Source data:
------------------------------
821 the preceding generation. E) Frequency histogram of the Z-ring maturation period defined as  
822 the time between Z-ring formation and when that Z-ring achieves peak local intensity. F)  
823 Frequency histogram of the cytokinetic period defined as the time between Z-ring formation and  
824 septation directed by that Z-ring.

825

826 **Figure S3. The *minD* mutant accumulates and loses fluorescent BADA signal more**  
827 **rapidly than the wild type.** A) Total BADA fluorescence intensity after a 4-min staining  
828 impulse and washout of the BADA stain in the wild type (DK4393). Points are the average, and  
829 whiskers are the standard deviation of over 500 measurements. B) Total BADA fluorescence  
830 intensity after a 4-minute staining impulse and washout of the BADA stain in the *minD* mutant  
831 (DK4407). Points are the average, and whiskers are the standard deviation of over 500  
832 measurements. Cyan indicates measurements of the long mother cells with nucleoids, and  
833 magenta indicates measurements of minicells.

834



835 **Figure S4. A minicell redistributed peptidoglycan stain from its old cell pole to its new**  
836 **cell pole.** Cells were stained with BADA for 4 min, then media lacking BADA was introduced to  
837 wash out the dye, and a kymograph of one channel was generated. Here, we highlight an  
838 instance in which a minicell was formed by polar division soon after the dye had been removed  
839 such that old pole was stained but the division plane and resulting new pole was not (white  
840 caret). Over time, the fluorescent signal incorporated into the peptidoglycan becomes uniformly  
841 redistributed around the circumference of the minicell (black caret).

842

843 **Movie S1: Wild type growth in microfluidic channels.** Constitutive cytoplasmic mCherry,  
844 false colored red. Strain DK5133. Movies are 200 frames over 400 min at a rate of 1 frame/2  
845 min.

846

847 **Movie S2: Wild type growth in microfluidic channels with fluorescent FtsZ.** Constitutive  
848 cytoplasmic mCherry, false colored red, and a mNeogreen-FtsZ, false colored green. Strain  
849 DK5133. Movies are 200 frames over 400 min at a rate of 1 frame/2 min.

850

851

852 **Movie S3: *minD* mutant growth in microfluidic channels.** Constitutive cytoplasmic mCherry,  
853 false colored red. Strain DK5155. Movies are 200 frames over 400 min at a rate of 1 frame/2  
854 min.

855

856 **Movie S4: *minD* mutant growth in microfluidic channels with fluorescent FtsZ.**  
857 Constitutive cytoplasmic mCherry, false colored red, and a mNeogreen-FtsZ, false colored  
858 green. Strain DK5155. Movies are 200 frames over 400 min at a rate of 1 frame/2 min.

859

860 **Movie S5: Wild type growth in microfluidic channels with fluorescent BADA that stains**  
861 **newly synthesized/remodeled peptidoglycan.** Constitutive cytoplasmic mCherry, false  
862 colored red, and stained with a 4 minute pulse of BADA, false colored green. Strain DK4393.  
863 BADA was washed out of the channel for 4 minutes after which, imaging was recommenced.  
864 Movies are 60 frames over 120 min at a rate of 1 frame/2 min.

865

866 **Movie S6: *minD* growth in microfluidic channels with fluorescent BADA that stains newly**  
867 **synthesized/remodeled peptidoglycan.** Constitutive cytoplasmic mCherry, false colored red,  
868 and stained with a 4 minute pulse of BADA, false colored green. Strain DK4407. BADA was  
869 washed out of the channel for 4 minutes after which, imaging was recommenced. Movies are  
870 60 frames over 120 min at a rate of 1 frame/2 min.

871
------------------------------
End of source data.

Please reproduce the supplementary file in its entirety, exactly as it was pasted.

821 the preceding generation. E) Frequency histogram of the Z-ring maturation period defined as  
822 the time between Z-ring formation and when that Z-ring achieves peak local intensity. F)  
823 Frequency histogram of the cytokinetic period defined as the time between Z-ring formation and  
824 septation directed by that Z-ring.

825

826 **Figure S3. The *minD* mutant accumulates and loses fluorescent BADA signal more**  
827 **rapidly than the wild type.** A) Total BADA fluorescence intensity after a 4-min staining  
828 impulse and washout of the BADA stain in the wild type (DK4393). Points are the average, and  
829 whiskers are the standard deviation of over 500 measurements. B) Total BADA fluorescence  
830 intensity after a 4-minute staining impulse and washout of the BADA stain in the *minD* mutant  
831 (DK4407). Points are the average, and whiskers are the standard deviation of over 500  
832 measurements. Cyan indicates measurements of the long mother cells with nucleoids, and  
833 magenta indicates measurements of minicells.

834



835 **Figure S4. A minicell redistributed peptidoglycan stain from its old cell pole to its new**  
836 **cell pole.** Cells were stained with BADA for 4 min, then media lacking BADA was introduced to  
837 wash out the dye, and a kymograph of one channel was generated. Here, we highlight an  
838 instance in which a minicell was formed by polar division soon after the dye had been removed  
839 such that old pole was stained but the division plane and resulting new pole was not (white  
840 caret). Over time, the fluorescent signal incorporated into the peptidoglycan becomes uniformly  
841 redistributed around the circumference of the minicell (black caret).

842

843 **Movie S1: Wild type growth in microfluidic channels.** Constitutive cytoplasmic mCherry,  
844 false colored red. Strain DK5133. Movies are 200 frames over 400 min at a rate of 1 frame/2  
845 min.

846

847 **Movie S2: Wild type growth in microfluidic channels with fluorescent FtsZ.** Constitutive  
848 cytoplasmic mCherry, false colored red, and a mNeogreen-FtsZ, false colored green. Strain  
849 DK5133. Movies are 200 frames over 400 min at a rate of 1 frame/2 min.

850

851

852 **Movie S3: *minD* mutant growth in microfluidic channels.** Constitutive cytoplasmic mCherry,  
853 false colored red. Strain DK5155. Movies are 200 frames over 400 min at a rate of 1 frame/2  
854 min.

855

856 **Movie S4: *minD* mutant growth in microfluidic channels with fluorescent FtsZ.**  
857 Constitutive cytoplasmic mCherry, false colored red, and a mNeogreen-FtsZ, false colored  
858 green. Strain DK5155. Movies are 200 frames over 400 min at a rate of 1 frame/2 min.

859

860 **Movie S5: Wild type growth in microfluidic channels with fluorescent BADA that stains**  
861 **newly synthesized/remodeled peptidoglycan.** Constitutive cytoplasmic mCherry, false  
862 colored red, and stained with a 4 minute pulse of BADA, false colored green. Strain DK4393.  
863 BADA was washed out of the channel for 4 minutes after which, imaging was recommenced.  
864 Movies are 60 frames over 120 min at a rate of 1 frame/2 min.

865

866 **Movie S6: *minD* growth in microfluidic channels with fluorescent BADA that stains newly**  
867 **synthesized/remodeled peptidoglycan.** Constitutive cytoplasmic mCherry, false colored red,  
868 and stained with a 4 minute pulse of BADA, false colored green. Strain DK4407. BADA was  
869 washed out of the channel for 4 minutes after which, imaging was recommenced. Movies are  
870 60 frames over 120 min at a rate of 1 frame/2 min.

871